While switching goaltenders for shootout isn't a new tactic in the post-lockout NHL, it certainly raises a lot of eyebrows when it happens.
Toronto Maple Leafs head coach Ron Wilson took that gamble on Tuesday night against the Anaheim Ducks, pulling Vesa Toskala after 65 solid minutes and replacing him with backup Curtis Joseph.
The gamble didn't work, as Teemu Selanne and Corey Perry beat the veteran netminder and the Leafs failed to collect the extra point. "I've never seen it happen before," said Perry after the game. "I saw (Joseph) warming up and I turned to the bench and said, 'They're putting him in?"'
While Perry hasn't witnessed the 'goalie switcheroo,' it has been done three previous times since the shootout was instituted in 2005.
On Nov. 22 of that year, Mika Noronen of the Buffalo Sabres aggravated a groin injury while giving up a goal on the first shot of a shootout against New York Rangers centre Martin Straka. The NHL rulebook says goalies can be replaced in a shootout if there's an injury and in came Martin Biron who gave up two goals on two shots to lose the game.
Edmonton Oilers goalie Ty Conklin earned a 3-3 tie after three periods and overtime against the Dallas Stars on Mar. 7, 2006. But Edmonton head coach Craig MacTavish brought in backup goalie Mike Morrison because he had not lost in five previous shootouts. That move also failed, as Morrison gave up two goals on the first two shots in the shootout to lose the game.
On Oct. 26, 2006, Atlanta Thrashers goalie Johan Hedberg earned a 2-2 tie after three periods and overtime against the Philadelphia Flyers. Atlanta head coach Bob Hartley brought in Kari Lehtonen, who gave up two goals on three shots in the shootout to lose the game.
So to date, no replacement goalie in any given shootouts have ever tallied the extra point and are a combined 1-for-9 in saves.
"Coaches handle this differently and I'm not criticizing any coaches," explained NHL on TSN analyst John Tortorella. "But myself - I would not take Toskala out. He got them there, the team played their ass off tonight, I just think you need to stick with him."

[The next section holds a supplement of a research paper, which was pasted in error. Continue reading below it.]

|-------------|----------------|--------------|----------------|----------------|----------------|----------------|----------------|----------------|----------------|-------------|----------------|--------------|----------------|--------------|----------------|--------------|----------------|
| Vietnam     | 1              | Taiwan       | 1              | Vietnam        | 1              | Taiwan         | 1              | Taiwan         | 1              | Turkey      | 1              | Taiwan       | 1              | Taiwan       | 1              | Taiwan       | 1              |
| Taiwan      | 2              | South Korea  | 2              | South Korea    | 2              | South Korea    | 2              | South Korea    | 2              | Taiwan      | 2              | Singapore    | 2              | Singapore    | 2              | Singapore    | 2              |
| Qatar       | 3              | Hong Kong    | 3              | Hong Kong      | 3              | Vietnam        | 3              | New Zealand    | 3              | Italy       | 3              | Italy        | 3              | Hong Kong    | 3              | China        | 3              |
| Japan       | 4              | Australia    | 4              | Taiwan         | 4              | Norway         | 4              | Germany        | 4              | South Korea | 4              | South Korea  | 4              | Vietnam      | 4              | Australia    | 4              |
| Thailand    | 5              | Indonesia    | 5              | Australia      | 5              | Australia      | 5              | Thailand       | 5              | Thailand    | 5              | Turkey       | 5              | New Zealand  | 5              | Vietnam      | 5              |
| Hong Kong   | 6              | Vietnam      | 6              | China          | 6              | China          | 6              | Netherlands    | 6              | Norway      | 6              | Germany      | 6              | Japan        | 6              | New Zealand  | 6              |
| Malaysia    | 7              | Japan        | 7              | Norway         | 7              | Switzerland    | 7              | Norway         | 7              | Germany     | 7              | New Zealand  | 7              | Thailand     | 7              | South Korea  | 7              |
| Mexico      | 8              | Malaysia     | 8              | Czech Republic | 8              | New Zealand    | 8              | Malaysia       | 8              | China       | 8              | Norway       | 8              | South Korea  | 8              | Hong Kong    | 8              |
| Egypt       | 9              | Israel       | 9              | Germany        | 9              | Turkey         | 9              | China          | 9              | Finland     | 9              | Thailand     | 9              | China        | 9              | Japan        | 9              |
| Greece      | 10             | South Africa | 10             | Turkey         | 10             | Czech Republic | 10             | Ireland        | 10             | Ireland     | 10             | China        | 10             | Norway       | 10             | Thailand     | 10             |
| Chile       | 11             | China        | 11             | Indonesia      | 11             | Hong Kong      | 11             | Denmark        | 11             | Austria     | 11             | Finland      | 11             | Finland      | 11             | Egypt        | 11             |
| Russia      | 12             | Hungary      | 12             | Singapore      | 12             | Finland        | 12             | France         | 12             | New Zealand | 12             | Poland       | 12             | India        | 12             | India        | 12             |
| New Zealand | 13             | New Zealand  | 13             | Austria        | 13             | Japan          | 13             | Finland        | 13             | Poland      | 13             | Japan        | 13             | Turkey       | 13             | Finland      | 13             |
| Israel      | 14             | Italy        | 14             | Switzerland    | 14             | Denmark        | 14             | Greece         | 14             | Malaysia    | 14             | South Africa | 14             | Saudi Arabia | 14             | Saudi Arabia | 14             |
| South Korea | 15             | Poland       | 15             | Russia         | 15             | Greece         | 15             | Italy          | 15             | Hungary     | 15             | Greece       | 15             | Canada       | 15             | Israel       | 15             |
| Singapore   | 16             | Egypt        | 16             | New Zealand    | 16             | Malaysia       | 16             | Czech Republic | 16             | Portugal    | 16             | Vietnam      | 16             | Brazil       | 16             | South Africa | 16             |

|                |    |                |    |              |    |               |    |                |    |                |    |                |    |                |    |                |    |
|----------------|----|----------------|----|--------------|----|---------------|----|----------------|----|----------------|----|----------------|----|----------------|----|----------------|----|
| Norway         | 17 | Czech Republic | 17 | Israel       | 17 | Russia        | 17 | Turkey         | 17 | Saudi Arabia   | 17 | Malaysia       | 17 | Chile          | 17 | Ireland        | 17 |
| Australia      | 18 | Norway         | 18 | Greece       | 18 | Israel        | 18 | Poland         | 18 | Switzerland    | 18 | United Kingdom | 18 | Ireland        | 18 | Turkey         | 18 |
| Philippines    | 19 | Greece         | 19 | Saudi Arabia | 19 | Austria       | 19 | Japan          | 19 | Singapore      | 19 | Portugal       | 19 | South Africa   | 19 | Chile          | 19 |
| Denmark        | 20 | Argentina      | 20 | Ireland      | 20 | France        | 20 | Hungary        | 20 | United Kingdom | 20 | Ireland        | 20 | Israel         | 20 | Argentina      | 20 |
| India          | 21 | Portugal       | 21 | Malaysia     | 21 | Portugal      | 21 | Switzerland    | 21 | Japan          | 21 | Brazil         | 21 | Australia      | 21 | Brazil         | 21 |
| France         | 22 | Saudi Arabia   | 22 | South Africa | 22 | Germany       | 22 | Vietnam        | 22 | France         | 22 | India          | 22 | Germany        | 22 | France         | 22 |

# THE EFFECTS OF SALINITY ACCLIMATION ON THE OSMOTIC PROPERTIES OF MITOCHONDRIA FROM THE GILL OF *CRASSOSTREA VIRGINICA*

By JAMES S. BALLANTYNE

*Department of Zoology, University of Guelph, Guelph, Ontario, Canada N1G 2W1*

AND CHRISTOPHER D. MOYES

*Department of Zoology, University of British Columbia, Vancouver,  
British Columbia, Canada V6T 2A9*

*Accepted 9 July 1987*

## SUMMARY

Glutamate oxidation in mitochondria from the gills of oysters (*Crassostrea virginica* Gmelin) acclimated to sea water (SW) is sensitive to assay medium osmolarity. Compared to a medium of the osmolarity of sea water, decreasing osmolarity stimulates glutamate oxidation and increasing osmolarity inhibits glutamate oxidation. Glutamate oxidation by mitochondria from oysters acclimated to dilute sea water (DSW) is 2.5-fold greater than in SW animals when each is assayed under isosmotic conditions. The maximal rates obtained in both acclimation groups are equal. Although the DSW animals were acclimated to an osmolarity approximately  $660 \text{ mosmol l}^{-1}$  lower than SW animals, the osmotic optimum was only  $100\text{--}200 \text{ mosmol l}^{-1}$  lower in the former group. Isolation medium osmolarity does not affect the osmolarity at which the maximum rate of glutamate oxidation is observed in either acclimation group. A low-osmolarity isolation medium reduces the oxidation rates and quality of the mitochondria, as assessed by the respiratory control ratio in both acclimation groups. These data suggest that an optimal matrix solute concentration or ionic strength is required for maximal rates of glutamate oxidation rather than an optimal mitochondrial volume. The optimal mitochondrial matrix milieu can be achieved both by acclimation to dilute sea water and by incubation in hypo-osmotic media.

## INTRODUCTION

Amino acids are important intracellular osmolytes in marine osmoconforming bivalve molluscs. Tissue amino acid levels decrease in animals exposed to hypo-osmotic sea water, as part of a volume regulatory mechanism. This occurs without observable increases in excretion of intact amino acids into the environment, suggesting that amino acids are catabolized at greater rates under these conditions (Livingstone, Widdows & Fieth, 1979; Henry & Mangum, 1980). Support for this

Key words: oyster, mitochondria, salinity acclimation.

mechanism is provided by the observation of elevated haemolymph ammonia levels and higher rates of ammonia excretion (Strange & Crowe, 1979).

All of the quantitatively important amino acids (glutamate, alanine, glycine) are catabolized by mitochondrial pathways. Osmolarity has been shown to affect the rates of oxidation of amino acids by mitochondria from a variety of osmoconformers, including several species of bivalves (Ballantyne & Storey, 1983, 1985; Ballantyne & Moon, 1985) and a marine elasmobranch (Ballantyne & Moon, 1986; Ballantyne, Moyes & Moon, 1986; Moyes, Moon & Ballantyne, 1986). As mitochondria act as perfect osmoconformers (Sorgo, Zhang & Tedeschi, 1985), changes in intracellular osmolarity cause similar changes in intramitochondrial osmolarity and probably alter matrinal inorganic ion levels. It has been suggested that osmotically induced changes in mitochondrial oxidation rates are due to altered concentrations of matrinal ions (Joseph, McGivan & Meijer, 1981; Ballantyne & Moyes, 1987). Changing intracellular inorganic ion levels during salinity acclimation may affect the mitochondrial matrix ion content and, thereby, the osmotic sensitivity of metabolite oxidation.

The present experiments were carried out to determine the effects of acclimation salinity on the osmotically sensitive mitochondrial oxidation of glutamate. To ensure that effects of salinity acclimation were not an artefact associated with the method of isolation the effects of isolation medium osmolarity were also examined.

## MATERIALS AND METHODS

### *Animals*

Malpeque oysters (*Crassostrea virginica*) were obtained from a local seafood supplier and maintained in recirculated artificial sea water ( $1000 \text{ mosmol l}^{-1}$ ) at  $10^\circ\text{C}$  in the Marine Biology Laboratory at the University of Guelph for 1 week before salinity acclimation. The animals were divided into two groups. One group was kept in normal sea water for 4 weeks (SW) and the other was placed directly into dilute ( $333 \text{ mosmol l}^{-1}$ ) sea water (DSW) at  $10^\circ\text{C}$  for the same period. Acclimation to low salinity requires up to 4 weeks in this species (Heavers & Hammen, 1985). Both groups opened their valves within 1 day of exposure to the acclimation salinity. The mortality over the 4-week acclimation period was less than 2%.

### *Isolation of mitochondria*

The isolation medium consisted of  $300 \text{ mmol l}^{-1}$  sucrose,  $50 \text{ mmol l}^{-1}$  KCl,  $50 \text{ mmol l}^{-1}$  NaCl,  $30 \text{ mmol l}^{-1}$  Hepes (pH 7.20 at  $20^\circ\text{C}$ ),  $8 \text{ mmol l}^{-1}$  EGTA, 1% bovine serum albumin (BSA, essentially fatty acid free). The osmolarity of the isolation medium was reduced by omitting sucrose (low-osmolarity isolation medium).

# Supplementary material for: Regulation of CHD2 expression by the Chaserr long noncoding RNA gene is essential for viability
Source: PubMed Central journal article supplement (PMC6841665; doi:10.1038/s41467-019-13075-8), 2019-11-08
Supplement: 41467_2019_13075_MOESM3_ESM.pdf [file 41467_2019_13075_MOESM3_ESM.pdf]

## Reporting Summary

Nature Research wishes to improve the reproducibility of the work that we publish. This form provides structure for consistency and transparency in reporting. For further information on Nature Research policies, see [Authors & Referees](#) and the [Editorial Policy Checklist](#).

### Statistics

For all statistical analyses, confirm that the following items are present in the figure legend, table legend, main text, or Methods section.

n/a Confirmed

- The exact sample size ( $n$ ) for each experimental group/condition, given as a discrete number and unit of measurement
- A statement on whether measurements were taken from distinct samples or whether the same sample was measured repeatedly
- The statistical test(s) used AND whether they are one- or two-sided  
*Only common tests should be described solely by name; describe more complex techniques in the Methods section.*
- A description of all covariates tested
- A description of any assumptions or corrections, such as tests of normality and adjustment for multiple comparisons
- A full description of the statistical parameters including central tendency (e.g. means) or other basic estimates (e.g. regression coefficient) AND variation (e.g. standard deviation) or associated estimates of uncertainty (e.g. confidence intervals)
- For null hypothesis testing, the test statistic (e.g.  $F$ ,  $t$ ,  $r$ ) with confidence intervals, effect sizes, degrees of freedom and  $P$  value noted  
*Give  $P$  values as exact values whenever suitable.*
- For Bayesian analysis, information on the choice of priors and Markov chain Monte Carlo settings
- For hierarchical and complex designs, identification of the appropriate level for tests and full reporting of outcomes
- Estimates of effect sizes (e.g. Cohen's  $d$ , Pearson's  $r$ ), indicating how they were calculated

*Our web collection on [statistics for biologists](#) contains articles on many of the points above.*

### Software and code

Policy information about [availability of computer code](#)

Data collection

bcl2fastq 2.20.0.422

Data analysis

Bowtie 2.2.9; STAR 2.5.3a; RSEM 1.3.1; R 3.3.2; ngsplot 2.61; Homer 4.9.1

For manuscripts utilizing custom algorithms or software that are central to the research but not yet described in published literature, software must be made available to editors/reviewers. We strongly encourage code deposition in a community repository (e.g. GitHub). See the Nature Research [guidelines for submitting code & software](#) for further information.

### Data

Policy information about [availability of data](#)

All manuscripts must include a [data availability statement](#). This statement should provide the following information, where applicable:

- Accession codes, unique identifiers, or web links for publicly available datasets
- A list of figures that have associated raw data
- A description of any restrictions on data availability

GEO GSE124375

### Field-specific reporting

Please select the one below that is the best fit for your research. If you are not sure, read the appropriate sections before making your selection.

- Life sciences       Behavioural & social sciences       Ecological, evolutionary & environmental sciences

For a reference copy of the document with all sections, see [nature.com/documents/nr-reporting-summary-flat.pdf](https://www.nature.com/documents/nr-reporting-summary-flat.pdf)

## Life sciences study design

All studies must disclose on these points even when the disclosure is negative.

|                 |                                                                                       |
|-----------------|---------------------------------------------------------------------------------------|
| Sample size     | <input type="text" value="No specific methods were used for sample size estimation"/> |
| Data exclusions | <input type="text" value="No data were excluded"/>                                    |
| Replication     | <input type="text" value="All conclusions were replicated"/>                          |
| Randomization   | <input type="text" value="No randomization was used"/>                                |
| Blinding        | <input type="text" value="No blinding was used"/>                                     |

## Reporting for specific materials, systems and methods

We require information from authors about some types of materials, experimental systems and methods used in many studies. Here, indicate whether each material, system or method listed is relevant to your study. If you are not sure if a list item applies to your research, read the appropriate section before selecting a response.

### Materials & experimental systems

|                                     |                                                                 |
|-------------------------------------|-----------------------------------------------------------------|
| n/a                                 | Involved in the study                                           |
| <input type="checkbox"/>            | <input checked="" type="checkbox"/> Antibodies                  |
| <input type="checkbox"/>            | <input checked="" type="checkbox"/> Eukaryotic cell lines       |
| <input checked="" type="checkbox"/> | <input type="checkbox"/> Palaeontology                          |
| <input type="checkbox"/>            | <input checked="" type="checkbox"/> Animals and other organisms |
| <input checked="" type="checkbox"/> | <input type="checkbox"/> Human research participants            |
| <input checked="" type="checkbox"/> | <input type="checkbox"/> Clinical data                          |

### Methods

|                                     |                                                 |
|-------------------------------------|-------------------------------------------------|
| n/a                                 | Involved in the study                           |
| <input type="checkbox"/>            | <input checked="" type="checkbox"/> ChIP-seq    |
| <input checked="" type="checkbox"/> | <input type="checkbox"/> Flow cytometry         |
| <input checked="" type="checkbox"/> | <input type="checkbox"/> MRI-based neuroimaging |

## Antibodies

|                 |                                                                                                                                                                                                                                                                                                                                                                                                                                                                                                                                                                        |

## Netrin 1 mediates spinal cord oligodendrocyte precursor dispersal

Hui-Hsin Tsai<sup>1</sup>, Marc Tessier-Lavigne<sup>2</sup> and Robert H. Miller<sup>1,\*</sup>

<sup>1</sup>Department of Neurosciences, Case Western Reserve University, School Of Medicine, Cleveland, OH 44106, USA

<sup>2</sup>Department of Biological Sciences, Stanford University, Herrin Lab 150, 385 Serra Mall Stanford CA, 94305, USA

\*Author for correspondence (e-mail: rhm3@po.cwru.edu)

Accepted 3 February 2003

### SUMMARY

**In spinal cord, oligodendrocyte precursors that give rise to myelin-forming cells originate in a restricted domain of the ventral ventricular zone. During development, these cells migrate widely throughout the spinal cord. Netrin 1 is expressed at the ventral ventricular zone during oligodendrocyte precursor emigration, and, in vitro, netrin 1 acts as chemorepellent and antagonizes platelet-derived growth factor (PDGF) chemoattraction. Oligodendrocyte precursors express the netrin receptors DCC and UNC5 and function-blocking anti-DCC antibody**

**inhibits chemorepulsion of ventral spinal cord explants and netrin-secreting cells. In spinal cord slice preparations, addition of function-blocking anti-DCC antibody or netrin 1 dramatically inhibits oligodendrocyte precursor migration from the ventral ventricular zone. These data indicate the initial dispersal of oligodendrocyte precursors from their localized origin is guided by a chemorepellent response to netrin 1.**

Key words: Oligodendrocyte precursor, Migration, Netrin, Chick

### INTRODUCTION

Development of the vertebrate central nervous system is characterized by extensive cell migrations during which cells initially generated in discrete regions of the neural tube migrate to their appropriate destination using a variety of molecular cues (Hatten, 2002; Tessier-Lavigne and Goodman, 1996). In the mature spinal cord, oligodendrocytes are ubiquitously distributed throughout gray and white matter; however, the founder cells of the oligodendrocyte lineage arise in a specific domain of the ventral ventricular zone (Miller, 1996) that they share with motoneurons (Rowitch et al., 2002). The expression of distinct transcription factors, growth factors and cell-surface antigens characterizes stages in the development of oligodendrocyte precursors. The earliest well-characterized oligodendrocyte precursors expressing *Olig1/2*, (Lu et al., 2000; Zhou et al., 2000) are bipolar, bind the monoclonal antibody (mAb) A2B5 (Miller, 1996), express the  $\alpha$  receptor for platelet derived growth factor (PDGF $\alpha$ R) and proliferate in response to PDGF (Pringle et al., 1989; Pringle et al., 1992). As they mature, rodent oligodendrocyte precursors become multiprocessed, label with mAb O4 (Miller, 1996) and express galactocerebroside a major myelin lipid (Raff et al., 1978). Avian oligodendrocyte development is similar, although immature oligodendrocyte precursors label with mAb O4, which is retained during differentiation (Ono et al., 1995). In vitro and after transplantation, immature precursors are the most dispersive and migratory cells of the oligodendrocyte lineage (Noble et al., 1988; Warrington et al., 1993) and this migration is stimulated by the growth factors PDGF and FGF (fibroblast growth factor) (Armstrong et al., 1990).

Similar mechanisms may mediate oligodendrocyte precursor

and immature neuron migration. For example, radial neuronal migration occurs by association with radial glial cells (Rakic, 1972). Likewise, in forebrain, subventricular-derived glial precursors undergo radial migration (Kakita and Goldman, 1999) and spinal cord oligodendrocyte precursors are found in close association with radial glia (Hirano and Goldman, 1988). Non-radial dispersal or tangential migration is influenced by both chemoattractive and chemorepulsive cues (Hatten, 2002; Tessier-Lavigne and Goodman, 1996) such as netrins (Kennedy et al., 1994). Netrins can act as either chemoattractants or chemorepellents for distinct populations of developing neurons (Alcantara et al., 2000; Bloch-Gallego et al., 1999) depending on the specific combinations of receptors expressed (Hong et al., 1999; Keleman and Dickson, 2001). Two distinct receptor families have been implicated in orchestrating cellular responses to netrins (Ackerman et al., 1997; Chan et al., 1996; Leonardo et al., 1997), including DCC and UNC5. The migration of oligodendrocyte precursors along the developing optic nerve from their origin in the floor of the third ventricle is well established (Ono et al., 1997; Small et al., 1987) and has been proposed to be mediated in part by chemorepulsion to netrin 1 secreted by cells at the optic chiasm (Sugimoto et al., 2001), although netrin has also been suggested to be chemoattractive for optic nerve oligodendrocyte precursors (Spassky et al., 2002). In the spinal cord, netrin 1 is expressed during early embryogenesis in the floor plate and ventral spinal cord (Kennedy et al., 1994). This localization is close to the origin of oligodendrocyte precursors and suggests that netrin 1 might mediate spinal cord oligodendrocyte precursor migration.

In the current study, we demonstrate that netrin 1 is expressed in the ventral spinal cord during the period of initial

Like a manager in baseball, Wilson was certainly playing the percentages with a closer. Joseph had been scored on 28 per cent of the time in penalty shots with a 5-3 record while Toskala had been beaten with 54 per cent of the attempts and sported a dismal 2-9 record.
"I know there's been a problem with his stats, but he's got to learn to fight through that," said Tortorella, who had an 18-7 shootout record as coach of the Tampa Bay Lightning. "He's your No. 1 guy, I think you need to keep him in there and find a way to win."
Making things more difficult for a goalie coming in cold is the fact that he's been sitting on the bench for 2 1/2 hours, which can leave any player's mind and body unprepared.
"I think you don't even give him (Wilson) a choice," said NHL on TSN analyst Darren Pang, who played 80 career NHL games with the Chicago Blackhawks. "I know there's some issues and you go through practice and say, 'Hey Cujo, what if this happened - could you go in there?' After 65 minutes of sitting on the bench - and I should know because I sat on the bench a lot - it is not easy sitting that long and then going in. It's not a 5-on-5, it's a shootout with highly skilled players."
Nevertheless, Wilson told reporters after the game that he wouldn't hesitate to make that move again in a future shootout.
"Tonight it didn't work, but it's the law of averages," he said. "We're going to keep practicing it. It's like a three-foot putt. If you don't practice it, you never know if you can make them. And that's all that a shootout really is, practicing three-foot putts, making 100 of them in a row and that's what we have to do."
If you were an NHL head coach, would you put in a new goalie in place of your starter in the shootout? It's Your Call.